Which Joe gave his name to ‘sloppy joes’? We look at five interesting sandwiches and their lexical origins.
A member of the French moderate republican party in power 1791–93 during the French Revolution, so called because the party leaders were the deputies from the department of the Gironde.
- ‘What made a Girondin was revolutionary intransigence: an attitude of mind that was not prepared to compromise the principles of 1789, whatever happened.’
- ‘The point is that both the moderation of the constitutional Girondists and the anti-constitutional Jacobins had depended on being able to stir and steer popular power.’
- ‘In June 1793, factional disputes with the Convention resulted in the replacement of the Girondins with the Jacobins, a far more radical group.’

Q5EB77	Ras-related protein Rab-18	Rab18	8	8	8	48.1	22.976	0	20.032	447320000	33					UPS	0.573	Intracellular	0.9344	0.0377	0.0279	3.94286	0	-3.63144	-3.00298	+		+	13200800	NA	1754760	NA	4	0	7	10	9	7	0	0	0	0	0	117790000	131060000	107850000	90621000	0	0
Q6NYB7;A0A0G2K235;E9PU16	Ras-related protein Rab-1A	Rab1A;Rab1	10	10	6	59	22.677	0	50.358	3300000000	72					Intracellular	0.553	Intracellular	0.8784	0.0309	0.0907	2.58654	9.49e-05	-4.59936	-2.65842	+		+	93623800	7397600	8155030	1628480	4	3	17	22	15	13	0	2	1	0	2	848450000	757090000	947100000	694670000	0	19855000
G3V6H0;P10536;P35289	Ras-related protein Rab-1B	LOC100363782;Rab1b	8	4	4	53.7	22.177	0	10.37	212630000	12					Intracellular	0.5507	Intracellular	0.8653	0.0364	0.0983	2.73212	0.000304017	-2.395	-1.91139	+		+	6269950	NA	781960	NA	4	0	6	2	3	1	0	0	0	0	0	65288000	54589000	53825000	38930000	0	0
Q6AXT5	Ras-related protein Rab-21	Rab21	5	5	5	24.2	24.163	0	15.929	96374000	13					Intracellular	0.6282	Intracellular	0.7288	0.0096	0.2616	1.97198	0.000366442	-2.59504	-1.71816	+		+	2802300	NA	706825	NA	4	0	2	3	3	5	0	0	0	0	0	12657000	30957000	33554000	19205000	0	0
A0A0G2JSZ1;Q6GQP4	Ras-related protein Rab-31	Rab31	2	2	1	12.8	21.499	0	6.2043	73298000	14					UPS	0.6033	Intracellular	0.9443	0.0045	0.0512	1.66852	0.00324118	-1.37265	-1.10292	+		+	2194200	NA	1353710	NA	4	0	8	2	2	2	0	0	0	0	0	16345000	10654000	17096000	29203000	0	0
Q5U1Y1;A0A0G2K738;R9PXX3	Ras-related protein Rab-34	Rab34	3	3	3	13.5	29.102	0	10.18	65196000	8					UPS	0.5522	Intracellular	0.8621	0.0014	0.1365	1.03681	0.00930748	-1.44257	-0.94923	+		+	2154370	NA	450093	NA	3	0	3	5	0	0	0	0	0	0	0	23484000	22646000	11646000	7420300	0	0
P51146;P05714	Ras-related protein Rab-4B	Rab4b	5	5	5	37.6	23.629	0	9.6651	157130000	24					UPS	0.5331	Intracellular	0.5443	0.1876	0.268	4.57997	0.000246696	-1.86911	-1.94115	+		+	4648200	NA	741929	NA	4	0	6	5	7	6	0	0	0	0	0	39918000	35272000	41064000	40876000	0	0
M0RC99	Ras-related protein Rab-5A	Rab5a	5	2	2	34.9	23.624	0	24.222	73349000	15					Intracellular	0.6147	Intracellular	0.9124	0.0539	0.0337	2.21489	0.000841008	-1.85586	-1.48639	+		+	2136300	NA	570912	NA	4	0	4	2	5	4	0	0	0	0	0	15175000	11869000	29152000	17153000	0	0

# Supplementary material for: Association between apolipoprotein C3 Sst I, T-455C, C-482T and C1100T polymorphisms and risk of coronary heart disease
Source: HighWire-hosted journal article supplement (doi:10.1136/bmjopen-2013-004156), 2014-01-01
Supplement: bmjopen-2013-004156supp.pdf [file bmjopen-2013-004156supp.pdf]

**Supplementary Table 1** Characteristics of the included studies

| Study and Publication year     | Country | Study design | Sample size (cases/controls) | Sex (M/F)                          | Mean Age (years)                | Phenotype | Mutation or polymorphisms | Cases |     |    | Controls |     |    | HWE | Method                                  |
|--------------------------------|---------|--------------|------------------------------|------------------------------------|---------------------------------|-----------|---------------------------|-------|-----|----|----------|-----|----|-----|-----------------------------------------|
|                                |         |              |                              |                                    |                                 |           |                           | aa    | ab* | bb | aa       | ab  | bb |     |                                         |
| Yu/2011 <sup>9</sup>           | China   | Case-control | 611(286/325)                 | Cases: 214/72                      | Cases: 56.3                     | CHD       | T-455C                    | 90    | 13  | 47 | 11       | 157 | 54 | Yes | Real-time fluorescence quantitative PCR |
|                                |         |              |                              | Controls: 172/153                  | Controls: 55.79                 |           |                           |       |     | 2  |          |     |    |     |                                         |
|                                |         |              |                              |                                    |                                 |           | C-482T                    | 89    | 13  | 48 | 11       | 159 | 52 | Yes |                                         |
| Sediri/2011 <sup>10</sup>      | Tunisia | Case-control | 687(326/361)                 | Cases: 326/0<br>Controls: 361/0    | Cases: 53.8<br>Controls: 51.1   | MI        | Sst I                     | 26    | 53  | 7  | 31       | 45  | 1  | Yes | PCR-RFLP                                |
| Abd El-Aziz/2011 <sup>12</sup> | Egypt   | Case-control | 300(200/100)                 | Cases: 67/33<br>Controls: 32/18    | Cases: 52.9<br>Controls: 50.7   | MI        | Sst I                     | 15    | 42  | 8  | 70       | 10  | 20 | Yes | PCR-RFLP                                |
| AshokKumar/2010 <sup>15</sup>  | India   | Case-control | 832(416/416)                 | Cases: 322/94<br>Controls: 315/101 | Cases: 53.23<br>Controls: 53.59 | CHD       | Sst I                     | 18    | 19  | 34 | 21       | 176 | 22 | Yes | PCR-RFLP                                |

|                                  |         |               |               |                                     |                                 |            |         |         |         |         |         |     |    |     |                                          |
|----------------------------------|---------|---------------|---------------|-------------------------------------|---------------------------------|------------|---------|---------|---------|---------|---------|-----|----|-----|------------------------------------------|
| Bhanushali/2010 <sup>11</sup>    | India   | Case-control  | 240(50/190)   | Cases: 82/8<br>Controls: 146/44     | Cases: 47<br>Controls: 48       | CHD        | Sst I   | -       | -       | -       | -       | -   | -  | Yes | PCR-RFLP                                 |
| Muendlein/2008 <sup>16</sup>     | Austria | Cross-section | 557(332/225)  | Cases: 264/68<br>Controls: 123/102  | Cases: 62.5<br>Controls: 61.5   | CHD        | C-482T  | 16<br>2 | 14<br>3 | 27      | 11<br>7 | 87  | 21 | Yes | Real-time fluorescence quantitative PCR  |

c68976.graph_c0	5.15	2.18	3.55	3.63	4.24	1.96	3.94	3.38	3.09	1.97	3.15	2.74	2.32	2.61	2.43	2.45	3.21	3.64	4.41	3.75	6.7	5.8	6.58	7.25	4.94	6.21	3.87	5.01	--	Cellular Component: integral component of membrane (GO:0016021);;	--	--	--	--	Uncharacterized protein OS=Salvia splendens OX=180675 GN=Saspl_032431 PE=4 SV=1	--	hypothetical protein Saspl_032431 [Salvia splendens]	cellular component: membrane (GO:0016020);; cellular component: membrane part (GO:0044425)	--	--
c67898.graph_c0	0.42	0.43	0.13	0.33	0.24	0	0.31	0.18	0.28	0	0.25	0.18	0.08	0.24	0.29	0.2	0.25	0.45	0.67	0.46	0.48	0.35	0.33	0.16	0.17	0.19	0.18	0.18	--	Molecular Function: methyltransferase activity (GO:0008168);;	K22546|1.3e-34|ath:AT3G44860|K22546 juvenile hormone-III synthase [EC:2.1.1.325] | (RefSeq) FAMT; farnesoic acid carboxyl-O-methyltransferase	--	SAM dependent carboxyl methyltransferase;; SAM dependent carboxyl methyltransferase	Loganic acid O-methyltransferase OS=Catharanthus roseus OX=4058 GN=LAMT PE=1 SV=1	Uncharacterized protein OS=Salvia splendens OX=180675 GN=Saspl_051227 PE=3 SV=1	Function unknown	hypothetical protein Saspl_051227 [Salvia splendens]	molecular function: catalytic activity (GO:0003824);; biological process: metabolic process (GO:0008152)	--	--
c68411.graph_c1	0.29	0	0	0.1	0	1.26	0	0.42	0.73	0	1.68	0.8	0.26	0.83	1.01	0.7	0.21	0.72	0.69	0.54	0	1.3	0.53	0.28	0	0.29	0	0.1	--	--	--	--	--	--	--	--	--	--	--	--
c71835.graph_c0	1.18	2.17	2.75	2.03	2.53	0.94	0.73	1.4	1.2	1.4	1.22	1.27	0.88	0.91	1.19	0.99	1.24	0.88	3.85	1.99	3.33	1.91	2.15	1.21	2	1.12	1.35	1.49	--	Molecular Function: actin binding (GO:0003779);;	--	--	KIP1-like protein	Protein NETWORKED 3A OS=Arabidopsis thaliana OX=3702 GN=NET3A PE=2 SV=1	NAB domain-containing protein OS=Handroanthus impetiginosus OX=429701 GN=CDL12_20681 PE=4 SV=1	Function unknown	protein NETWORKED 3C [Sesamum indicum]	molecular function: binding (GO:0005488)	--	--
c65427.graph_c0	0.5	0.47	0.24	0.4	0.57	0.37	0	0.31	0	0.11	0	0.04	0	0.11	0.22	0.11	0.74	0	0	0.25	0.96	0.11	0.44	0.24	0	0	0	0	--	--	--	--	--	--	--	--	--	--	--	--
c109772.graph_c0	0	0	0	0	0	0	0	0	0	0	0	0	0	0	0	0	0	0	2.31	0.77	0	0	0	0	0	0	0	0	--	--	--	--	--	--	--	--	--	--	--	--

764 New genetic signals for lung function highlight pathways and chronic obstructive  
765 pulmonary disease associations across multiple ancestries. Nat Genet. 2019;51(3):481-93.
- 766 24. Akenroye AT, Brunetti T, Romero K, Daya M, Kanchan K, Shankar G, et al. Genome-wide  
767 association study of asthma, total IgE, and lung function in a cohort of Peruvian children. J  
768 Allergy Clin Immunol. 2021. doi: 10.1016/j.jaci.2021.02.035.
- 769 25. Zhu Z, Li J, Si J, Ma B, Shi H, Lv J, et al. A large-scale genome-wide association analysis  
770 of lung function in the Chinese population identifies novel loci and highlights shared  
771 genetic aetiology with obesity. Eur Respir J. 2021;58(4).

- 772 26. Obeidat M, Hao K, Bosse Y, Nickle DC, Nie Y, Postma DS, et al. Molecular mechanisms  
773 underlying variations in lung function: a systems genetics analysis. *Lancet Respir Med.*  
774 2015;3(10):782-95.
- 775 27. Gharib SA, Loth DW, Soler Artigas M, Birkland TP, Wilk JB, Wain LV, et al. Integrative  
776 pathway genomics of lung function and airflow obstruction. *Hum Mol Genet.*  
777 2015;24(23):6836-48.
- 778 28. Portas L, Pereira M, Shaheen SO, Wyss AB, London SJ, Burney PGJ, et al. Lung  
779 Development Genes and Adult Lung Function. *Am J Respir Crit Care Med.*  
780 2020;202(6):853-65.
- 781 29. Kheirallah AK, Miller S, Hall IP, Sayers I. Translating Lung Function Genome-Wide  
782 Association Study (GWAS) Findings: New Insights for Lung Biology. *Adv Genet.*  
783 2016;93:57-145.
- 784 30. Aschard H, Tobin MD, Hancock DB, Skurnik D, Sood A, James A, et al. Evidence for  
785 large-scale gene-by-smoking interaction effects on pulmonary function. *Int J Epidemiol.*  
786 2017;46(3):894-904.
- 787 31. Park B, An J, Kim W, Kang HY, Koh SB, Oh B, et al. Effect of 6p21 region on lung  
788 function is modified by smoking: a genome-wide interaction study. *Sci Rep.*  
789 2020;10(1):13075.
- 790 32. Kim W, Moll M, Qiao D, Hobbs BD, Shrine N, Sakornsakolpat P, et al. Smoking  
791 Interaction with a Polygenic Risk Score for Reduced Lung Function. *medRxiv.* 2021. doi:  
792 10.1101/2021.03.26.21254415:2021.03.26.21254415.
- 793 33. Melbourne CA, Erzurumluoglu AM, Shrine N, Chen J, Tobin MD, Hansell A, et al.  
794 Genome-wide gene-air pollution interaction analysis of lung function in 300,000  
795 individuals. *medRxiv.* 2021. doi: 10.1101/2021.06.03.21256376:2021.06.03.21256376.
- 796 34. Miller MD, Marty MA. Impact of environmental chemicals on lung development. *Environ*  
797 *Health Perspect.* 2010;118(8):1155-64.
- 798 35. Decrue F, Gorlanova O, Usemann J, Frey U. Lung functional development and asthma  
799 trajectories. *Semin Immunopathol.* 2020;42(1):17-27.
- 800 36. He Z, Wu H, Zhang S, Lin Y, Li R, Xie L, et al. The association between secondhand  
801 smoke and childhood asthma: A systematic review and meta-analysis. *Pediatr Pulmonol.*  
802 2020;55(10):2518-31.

- ‘In turn, the Girondists ' supporters rebelled against the Convention.’
- ‘Like many political revolutionaries, the origins of the anarchists lie in the French Revolution; this was the first time the word was used, by the Girondins.’
From archaic French Girondiste (now Girondin).
Are you looking for a word for a foolish person? We explore twelve interesting words to describe the dunderheads in your life.
Before you run for the hills, let’s run through a list of ‘run’ expressions that are running through our minds.
The definitions of ‘buddy’ and ‘bro’ in the OED have recently been revised. We explore their history and increase in popularity.